Former NN Chairman Peter MacDonald Talks Treaty of 1868, Education MacDonald: ‘…Our Kids Should Know Where They Come From’
TSAILE, Ariz. — As the 150th anniversary of the Long Walk nears, Navajos are forging the outlines of a new future.
It’s OK to slow down and recognize the successes of the past — successes that go back centuries. But don’t slow down so much that progress, particularly regarding education, is put on the backburner.
That was the gist of a near three-hour speech — interrupted a few times with applause — June 5 by former Navajo Nation Chairman and Navajo Code Talker Peter MacDonald.
The speech was part of Diné College’s 50th anniversary commemoration and was attended by more than 60 people. MacDonald served a record four terms as Navajo Nation Chairman between 1970 and 1986.
“All of our kids should know where they come from,” MacDonald said. “Go back to before the Treaty of 1868 and before the 1940s — and then you’ll know what is (technically) Navajo and what belongs to Navajo.”
MacDonald, 90, spoke about the ramifications of the treaty, saying that the Navajo leaders who negotiated the signing of the document were not formally educated, but secured something that passed multiple tests of time. Modern day officials must use the same zeal employed by their predecessors — “all they had was their language, they didn’t have law or doctoral degrees” — to secure water and land rights, MacDonald suggested.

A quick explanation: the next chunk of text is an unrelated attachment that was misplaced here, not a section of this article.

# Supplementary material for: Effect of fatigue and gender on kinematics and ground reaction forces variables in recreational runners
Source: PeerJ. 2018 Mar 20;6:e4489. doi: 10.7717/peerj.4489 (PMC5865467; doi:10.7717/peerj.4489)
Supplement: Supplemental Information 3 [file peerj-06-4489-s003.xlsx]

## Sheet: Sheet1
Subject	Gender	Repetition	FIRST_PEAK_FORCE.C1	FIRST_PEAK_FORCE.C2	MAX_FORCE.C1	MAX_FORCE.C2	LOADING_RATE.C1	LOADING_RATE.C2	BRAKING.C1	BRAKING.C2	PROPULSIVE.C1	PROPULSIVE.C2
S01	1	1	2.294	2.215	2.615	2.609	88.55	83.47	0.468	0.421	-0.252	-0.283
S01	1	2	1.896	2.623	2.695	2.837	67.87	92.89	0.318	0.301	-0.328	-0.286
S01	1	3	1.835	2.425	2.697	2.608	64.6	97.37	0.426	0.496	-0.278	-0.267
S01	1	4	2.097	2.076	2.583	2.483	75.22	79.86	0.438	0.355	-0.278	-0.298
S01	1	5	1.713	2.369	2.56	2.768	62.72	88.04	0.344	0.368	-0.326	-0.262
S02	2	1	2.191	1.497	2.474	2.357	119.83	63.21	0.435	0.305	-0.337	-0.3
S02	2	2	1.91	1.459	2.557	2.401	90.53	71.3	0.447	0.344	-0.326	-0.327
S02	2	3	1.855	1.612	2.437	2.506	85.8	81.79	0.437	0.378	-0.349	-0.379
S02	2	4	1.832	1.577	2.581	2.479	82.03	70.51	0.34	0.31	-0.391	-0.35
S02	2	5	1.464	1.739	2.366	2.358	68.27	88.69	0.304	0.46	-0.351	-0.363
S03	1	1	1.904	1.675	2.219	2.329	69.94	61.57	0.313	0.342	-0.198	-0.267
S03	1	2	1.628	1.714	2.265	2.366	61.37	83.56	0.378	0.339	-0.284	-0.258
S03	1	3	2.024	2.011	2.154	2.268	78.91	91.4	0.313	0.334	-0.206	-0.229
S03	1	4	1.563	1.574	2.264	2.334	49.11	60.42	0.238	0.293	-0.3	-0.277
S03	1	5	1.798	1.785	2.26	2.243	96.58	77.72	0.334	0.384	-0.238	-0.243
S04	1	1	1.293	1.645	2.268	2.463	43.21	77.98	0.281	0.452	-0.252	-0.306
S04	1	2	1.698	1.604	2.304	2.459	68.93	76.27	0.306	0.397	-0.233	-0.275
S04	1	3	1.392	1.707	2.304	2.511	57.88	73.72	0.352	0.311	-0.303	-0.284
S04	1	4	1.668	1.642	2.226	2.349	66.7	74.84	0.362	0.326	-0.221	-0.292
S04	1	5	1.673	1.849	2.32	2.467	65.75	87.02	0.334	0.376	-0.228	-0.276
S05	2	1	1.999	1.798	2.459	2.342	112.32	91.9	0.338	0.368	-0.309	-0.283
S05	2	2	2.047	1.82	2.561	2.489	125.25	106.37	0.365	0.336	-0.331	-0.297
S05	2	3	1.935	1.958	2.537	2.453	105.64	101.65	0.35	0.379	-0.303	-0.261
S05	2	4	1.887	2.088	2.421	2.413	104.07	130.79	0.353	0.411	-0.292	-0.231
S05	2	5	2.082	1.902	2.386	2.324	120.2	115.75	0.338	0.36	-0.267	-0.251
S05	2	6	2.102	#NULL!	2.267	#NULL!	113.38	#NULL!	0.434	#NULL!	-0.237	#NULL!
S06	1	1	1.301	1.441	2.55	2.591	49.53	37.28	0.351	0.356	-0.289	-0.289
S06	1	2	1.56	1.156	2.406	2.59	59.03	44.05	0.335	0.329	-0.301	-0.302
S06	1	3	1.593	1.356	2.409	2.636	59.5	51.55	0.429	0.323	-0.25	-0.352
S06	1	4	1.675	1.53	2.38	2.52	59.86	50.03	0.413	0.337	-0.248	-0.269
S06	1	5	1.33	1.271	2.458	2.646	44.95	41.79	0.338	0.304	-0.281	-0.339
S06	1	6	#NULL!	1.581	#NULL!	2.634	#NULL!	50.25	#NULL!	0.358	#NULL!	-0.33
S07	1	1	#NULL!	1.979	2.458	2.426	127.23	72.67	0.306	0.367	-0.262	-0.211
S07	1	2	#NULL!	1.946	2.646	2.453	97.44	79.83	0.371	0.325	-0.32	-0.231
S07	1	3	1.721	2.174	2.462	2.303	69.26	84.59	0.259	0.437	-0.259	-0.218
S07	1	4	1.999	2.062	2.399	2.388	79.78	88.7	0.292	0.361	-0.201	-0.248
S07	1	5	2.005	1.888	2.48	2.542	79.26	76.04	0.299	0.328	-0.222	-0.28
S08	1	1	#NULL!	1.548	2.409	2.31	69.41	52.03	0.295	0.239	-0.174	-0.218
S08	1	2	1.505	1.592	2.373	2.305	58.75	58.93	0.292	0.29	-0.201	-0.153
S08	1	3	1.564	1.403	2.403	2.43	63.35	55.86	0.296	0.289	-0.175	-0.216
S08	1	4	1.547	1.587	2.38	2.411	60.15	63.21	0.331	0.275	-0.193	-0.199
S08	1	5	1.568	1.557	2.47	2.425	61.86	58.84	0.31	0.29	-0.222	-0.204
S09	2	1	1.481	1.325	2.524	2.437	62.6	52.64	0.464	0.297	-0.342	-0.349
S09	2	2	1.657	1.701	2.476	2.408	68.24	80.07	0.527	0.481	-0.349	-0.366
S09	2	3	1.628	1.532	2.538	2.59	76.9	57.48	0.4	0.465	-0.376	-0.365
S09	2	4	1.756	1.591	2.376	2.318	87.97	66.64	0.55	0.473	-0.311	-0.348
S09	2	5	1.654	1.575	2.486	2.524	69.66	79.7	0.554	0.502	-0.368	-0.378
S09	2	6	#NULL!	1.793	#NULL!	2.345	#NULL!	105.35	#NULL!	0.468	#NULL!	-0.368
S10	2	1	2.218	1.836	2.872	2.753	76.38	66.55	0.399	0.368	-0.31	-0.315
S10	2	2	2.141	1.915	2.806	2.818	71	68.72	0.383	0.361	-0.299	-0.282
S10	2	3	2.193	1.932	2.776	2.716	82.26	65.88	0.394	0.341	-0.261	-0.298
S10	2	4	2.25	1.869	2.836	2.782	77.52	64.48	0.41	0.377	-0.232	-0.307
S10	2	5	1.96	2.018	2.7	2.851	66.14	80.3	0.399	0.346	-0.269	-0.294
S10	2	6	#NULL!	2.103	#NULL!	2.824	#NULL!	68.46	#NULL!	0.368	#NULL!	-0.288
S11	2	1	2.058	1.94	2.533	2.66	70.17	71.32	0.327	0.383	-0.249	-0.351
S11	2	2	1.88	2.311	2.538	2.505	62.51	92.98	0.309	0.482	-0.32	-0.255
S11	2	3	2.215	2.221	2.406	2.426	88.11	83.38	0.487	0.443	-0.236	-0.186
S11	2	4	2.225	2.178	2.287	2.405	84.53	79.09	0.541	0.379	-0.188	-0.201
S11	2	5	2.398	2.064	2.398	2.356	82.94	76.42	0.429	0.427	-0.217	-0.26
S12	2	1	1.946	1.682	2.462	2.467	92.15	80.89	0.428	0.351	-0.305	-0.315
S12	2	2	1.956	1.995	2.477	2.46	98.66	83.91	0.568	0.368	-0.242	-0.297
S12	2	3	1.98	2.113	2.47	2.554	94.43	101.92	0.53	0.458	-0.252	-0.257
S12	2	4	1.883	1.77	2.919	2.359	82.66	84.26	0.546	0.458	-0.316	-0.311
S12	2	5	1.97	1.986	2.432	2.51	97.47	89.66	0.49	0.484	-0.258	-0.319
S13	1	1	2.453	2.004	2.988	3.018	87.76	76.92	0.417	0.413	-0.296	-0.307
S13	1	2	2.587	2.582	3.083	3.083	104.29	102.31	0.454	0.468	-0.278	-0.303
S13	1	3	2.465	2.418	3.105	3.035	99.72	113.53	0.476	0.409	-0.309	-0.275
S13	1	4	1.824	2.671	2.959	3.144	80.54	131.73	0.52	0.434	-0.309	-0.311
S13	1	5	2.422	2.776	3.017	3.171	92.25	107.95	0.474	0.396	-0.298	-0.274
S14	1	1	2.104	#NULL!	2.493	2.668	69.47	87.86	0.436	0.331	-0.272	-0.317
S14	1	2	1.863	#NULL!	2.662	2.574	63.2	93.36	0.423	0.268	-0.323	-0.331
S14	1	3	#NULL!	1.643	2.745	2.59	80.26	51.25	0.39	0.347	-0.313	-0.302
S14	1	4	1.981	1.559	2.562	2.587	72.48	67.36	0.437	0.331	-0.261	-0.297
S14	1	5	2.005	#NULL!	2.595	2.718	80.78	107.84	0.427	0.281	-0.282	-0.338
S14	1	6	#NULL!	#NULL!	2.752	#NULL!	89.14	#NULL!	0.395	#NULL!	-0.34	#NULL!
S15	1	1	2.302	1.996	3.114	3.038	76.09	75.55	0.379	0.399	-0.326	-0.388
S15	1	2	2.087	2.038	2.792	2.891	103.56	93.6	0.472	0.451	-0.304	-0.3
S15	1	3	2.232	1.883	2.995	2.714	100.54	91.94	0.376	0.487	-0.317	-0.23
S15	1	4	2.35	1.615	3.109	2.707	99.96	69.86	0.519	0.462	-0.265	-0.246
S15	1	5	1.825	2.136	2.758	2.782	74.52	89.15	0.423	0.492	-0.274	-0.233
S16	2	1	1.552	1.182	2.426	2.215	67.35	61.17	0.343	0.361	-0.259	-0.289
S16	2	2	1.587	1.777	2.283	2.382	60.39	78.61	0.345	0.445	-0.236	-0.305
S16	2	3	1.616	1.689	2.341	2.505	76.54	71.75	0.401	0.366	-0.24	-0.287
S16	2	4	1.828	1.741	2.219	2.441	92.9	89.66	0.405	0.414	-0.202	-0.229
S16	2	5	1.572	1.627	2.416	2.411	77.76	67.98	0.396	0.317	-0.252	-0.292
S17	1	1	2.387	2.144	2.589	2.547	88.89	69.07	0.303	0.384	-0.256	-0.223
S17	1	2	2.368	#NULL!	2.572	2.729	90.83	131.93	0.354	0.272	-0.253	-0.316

“When they got back from Fort Sumner, N.M. (involuntarily taken and held by the U.S. Army), they had nothing, but they knew they were coming back to live within the Four Sacred Mountains,” MacDonald said. (In Navajo lore, the Four Sacred Mountains include Mt. Taylor, Mt. Hesperus, the San Francisco Peaks and Mt. Blanco). “They knew there would be no more suffering like what had occurred at (Fort Sumner).”
MacDonald, who is from Teec Nos Pos, Ariz., said Diné College offers educational stability, saying that it was he who developed the formal proposal for an institution of higher learning on Navajo. He praised the College’s founding fathers, pointing out that Bob Roessel, Raymond Nakai, Ned Hatathli and Allen Yazzie carried forth a vision and stuck with it. A former U.S. Marine, he said he secured the “first big funding” for Diné College during his tenure as Navajo Nation Chairman.
“Diné College was designed to teach language and culture, the things that Navajos need because the early leaders believed in education,” he said. MacDonald’s daughter Hope MacDonald lone tree was in the audience. She is running for Navajo Nation president this year.
“I think the speech was very uplifting,” Miranda Haskie, Ed.D, a sociology instructor at Diné College and organizer of the 2018 Speaker Series, said.
The current president of the Navajo Code Talkers Association, MacDonald enrolled in the Marines at the age of 15. He served in the South Pacific as a Code Talker and North China with the Sixth Marine Division. The Navajo language was the undetectable code that enabled the U.S. to win World War II.
MacDonald holds an electrical engineering degree from the University of Oklahoma and was featured in Time magazine in 1974 as one of 200 “Rising Leaders in America.”
MacDonald’s time in tribal government wasn’t always positive. He was suspended by the Navajo Nation Council in 1989 on suspicion of bribery. A riot in Window Rock ensued, which led to two deaths. MacDonald served federal prison time on fraud and racketeering convictions, among other federal convictions, but was pardoned in 2001 by then-President Bill Clinton.